weld grind burn

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So I went back to the road, tripod or not.

It took a while to get back to Mirbazar, after all it was more than 100km from Samarkand. I took a cab, and on the way there I slept. When I looked out the window once, I saw rain outside. And then I was in Mirbazar, and the rain was gone. The Caboose had been waiting for me. Firuza wasn’t home, but her husband Misha was there, and a few of the kids were, too.

We took some photos, some of which…

…involved my hat:

And some of which…

did not:

And then I was on the road:


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Here’s my photo with the friendly dudes from the video:

One time a garbage truck stopped and the guys got out for a photo:

And one time these ladies stopped for me on the road:

Walking was good and easy. There were little shops everywhere:

And many people actually wanted their picture taken:

Still, I was sad. My visa for Turkmenistan had been rejected two times, which meant that there was no way to walk through that country. Sure, there was land, and there was a road on that land. But I wasn’t allowed to walk on it. Reason to be sad.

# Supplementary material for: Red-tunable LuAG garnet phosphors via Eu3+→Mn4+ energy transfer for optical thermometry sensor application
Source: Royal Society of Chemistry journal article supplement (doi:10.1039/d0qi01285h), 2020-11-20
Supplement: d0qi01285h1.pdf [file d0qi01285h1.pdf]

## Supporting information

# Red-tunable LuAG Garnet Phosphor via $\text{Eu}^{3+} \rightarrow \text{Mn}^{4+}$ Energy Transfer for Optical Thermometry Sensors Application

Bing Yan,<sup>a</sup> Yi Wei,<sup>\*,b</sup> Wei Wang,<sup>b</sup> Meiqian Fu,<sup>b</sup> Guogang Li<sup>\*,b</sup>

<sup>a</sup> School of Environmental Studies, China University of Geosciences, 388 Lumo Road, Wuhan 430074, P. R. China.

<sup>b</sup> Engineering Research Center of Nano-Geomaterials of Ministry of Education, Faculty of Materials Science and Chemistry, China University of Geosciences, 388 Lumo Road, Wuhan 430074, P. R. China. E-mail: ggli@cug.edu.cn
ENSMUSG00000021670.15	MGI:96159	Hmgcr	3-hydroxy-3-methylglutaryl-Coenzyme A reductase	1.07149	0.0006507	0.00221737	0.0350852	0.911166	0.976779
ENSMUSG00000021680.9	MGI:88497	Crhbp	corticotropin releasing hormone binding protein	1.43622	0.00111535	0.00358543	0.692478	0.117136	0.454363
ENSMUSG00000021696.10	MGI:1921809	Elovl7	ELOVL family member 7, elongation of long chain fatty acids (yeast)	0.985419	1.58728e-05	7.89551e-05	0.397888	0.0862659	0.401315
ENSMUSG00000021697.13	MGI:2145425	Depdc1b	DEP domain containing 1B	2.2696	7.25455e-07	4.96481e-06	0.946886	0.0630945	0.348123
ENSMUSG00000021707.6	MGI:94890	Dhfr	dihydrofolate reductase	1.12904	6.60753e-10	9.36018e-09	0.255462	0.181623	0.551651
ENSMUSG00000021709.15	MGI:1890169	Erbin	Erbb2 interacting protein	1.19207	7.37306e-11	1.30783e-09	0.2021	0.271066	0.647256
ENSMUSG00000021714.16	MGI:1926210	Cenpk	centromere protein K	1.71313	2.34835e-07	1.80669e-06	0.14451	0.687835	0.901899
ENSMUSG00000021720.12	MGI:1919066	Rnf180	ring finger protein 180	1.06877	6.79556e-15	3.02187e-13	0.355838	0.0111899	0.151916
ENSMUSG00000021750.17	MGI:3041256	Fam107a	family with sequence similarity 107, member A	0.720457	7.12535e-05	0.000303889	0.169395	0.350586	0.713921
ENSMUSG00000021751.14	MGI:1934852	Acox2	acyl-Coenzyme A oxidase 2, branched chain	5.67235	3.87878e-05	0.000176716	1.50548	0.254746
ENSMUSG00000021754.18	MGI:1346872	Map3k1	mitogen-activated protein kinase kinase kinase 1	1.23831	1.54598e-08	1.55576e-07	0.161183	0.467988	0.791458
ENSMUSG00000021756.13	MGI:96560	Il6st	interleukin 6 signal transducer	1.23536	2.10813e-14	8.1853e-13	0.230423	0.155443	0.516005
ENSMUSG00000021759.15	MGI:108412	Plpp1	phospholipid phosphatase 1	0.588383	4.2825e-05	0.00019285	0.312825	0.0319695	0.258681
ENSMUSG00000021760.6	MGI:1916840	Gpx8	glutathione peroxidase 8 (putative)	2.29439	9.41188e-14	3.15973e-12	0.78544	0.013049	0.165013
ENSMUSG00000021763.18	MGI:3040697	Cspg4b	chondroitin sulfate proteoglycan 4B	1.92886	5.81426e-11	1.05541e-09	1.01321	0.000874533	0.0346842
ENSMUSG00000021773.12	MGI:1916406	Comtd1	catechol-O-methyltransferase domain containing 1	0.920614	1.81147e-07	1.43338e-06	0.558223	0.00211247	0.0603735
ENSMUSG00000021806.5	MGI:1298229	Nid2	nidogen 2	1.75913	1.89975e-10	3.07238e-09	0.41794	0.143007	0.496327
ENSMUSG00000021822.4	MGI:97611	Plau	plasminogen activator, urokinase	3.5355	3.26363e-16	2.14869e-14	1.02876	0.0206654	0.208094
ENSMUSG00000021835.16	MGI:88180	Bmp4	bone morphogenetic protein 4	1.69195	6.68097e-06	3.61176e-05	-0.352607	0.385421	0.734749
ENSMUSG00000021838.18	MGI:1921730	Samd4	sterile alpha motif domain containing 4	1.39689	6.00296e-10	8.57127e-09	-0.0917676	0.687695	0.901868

One time I ran into three truck drivers from Turkey:

They had passed through Turkmenistan on transit visas. I asked for their phone numbers, just in case I needed their help later.

These two stopped for a photo:

And then I saw a convoy of trucks that transported oversized metal things:

I had no idea what they were, but they had a warning on the side, a warning in English: DO NOT WELD GRIND OR BURN.

Sometimes I noticed gas stations that sold petrol next to the road:

Ever since my last stay in Samarkand, I had developed an eye for those rare places that had gasoline and diesel. Uzbek cars ran mostly on natural gas.

One time I ran into these guys fishing in a river:

I hung out with them for a while:

Only later did I understand that I had failed to photograph a crucial part of their activity –
the fish:

One of the boys asked if he could take a few pictures with my camera, so I said okay:

And I got some nice photos in return:

I reached the little settlement of Ziadin in the evening:

And yes, just like everybody had been saying, there was a hotel next to the road:

I got a room, and I was happy.

Then I went out and had dinner:

And everything…


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…was perfect.

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